Members of Salam, an activist group of ethnic Azerbaijanis in Georgia, are collecting signatures to have the Russian endings removed from their surnames.

Salam members still have a month to collect at least 25,000 signatures for lawmakers to review their bill.

the initiative envisages an amendment to Articles 64 and 65 of the Georgian Civil Status Act to allow Georgian citizens to completely remove “their last names ending with bogus / non-traditional suffixes” or to replace them with “traditional / authentic” suffixes that “already exist”.

The campaign was started by ethnic Azerbaijanis in Georgia whose family names, which usually end in -ov, -ova, -ev and -eva, are allowed to remove or replace the suffixes that are of Russian origin with typical Azerbaijani endings.

If the bill is supported, Beniamin Kasimov, one of the ethnic Azerbaijani activists, could change his legal surname to Kasim Oghlu, as could Aitaj Khalilli, a 24-year-old originally from the Gardabani community and now called Khallilova.

Activists hope that collecting signatures with typical Azerbaijani suffixes – including -oghli / -oghlu and -qizi – would also serve as proof for the registry authorities that such “original” surname forms already exist legally.

18-year-old Beslan signs the petition in support of the campaign. Image: Shota Kincha / OC Media.

Salam, a grassroots organization, advocates equality and greater public engagement among ethnic Azerbaijanis in Georgia’s public life and has recently supported several campaigns and protests, including resisting early marriages and promoting better access to basic goods for rural Azerbaijani Communities in Georgia.

[Read more on lived experiences of ethnic Azerbaijani Georgians on OC Media: Voice | ‘They say Georgia is a tolerant and diverse country; these are just words’]

“Don’t waste your time”

Georgia’s Civil Status Act allows an individual to change their last name to a name that was used by someone in their family line for up to four generations. The law also allows the restoration of the “historical” surname if “evidence” supports the claim.

According to Merab Kartvelishvili, head of the human rights program at the Georgian Young Lawyers’ Association (GYLA), civil status archives are not a very useful tool for ethnic Azerbaijanis in this case, as surnames with Russian-style suffixes have existed for generations. some date from pre-Soviet times.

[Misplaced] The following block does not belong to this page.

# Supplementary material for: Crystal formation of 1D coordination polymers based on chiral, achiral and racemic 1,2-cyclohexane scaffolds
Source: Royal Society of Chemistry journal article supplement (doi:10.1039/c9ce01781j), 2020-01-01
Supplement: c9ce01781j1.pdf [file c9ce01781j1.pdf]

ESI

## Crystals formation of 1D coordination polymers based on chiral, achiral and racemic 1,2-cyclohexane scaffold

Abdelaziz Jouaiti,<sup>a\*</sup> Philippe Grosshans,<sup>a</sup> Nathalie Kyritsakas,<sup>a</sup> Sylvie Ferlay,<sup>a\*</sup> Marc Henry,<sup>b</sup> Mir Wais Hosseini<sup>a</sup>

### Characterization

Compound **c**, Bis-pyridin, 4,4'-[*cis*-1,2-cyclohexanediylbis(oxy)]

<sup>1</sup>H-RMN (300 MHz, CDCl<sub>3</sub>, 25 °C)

Salam members have also contacted us, and OK media has independently verified a practice by civil status authorities to informally discourage applicants from changing their last name.

“I was told that I have to pay 300 [around $100 in late 2019] when I requested to change my last name for the first time and they also told me it would likely be rejected, ”said Sema Sadiq, 21-year-old Salam board member who wishes to change her current legal last name from Sadikovi OK media.

Petitioners, supported by GYLA, the Center for Social Justice, and several other large Tbilisi-based human rights groups, also cited foreign cases that occurred in 2016, among others decision by the Lithuanian authorities to allow their citizens to change or remove suffixes of their surnames.

Separate bill?

Mikheil Sarjveladze, chairman of the parliamentary committee on human rights and civil integration, said OK media on August 17 that he had not seen Salam’s draft but that they are still working on a separate bill to address the matter.

Sarjveladze said the discussion would be broad and involve various ethnic minorities in Georgia.

Micheil Sarjveladze. Photo via the Georgian Parliament website.

Sarjveladze said he would abstain from commenting on the bill in detail until September, but noted that changes related to surname suffixes should be “precise and clear” before they come into force.

This summer, some opposition leaders, including right-wing libertarian leaders Zurab Girchi Japaridze, Iago Khvichia and Vakhtang Megrelishvili, publicly supported Salam’s demands.

Salam said Tariel Nakaidze, a former European member of Georgia and the country’s first ethnic Georgian Muslim MP, is among their supporters, and many more are expected.